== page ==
Trump’s anti-union orders could be reinstated
The appeals court ruling comes as a blow to federal employee unions, which will have to turn to other avenues to oppose provisions of President Donald Trump's three May 2018 executive orders. (AVNphotolab)
The provisions of three executive orders signed by President Donald Trump in May 2018 that target the collective bargaining negotiations between agencies and federal unions now have a path to go back into effect, under a July 16 ruling by the D.C. Circuit Court of Appeals.
The District Court of Washington, D.C., which first ruled that Trump overstepped Congress’s intent when laying out collective bargaining legislation, did not have the authority to strike down provisions of the three union-targeting executive orders, according to the appeals court ruling, issued by Judge Thomas Griffith.
“We reverse because the district court lacked subject matter jurisdiction. The unions must pursue their claims through the scheme established by the Statute, which provides for administrative review by the [Federal Labor Relations Authority] followed by judicial review in the courts of appeals,” Griffith wrote.
Lawyers from the Trump administration argued in April 2019 that unions should pursue a case against the implementation of the orders through the FLRA for adjudication, rather than contesting the legal authority of the orders themselves through the court system.
But union lawyers argued that the FLRA can’t adjudicate a claim made against the president himself.
According to Griffith’s ruling, “Congress may preclude district court jurisdiction by establishing an alternative statutory scheme for administrative and judicial review,” as they did in establishing the FLRA.
The initial district court ruling argued that the claims brought against the executive orders are “not of the type” that Congress intended to go before the FLRA.
The appeals court, however, found that all considerations that would theoretically allow the unions to pursue their case in the courts instead “demonstrate that the unions must pursue their claims through the statutory scheme and not before the district court.”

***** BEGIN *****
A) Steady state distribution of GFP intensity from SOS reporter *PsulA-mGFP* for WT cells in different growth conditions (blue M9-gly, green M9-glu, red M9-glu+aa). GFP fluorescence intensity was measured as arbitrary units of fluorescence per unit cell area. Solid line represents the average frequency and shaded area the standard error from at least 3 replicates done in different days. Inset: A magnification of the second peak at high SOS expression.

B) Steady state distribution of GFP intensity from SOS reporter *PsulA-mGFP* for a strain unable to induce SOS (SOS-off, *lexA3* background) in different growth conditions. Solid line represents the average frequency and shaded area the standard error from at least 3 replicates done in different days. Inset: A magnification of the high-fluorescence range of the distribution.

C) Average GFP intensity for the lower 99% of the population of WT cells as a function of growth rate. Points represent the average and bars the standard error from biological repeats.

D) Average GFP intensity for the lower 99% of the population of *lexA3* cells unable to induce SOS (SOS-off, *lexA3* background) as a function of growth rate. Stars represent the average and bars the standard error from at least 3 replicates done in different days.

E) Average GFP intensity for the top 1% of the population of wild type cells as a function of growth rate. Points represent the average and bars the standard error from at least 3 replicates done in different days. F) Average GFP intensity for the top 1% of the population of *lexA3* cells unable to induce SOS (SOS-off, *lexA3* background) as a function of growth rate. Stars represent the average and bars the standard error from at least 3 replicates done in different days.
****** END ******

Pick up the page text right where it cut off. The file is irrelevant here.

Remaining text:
“This means that the enjoined provisions will be in effect, despite their obvious conflict with federal statute,” said Debra D’Agostino, a founding partner at the Federal Practice Group, in a statement.
“We anticipate that the unions will challenge the Executive Orders through a petition to the FLRA, after which the unions could appeal to the D.C. Circuit to re-visit the legality of the provisions at issue.”
Effectively, this means that the unions could end up exactly where they began, with a judge ruling that the executive orders are invalid, but only after going through the process of filing through and being heard by the FLRA.
Meanwhile, the FLRA has been closing regional offices over the past couple of years. The agency also lacks a General Counsel confirmed by the Senate, meaning that unfair labor practice charges cannot be issued.
“Today’s terrible decision by the U.S. Court of Appeals for the District of Columbia is a tremendous blow to federal employees and their voice in the workplace. The decision is mistaken about the jurisdictional question, wrong on the law and jeopardizes the rights of federal employees across the government. We will fight this decision using every legal tool available to us," said American Federation of Government Employees National President J. David Cox Sr. in a statement.
“While we consider our legal options and next steps, we also call on members of Congress to stand with federal workers and protect our workplace rights. The union-busting framework laid out in the executive orders and the actions already taken at the bargaining table so far demonstrate clearly that there must be a check on the president’s power to destroy federal employees’ union rights.”
Individual agencies have in the past few months been pursuing the spirit of the executive orders while their official authority has bee curtailed by the courts by restricting things like official time and employee telework in their collective bargaining contracts with unions.
“Since the president signed these orders more than a year ago, we have seen multiple attempts by political appointees in various agencies to run roughshod over the rights and benefits of their own workforce, which only provides further evidence that the administration is intent on silencing workers and weakening their rightful union representation,” National Treasury Employee Union National President Tony Reardon said in a statement. “NTEU will never stop fighting for the dignity and respect that federal employees deserve.”
He added that his organization would “pursue every legal avenue” to stop the executive orders and that FLRA would be unequipped to address the “sweeping legal challenge” contained in the orders.
“This fight isn’t over,” said Paul Shearon, president of the International Federation of Professional and Technical Engineers, in a statement. “The intent of Congress, to enable free collective bargaining for federal workers, is clear and unambiguous. We’ll consider every option available to uphold the law and exercise our rights.”
By: Jessie Bur
If you are a federal employee who has questions or concerns about your union status, contact the Federal Practice Group or read more on the federal employment section of our website.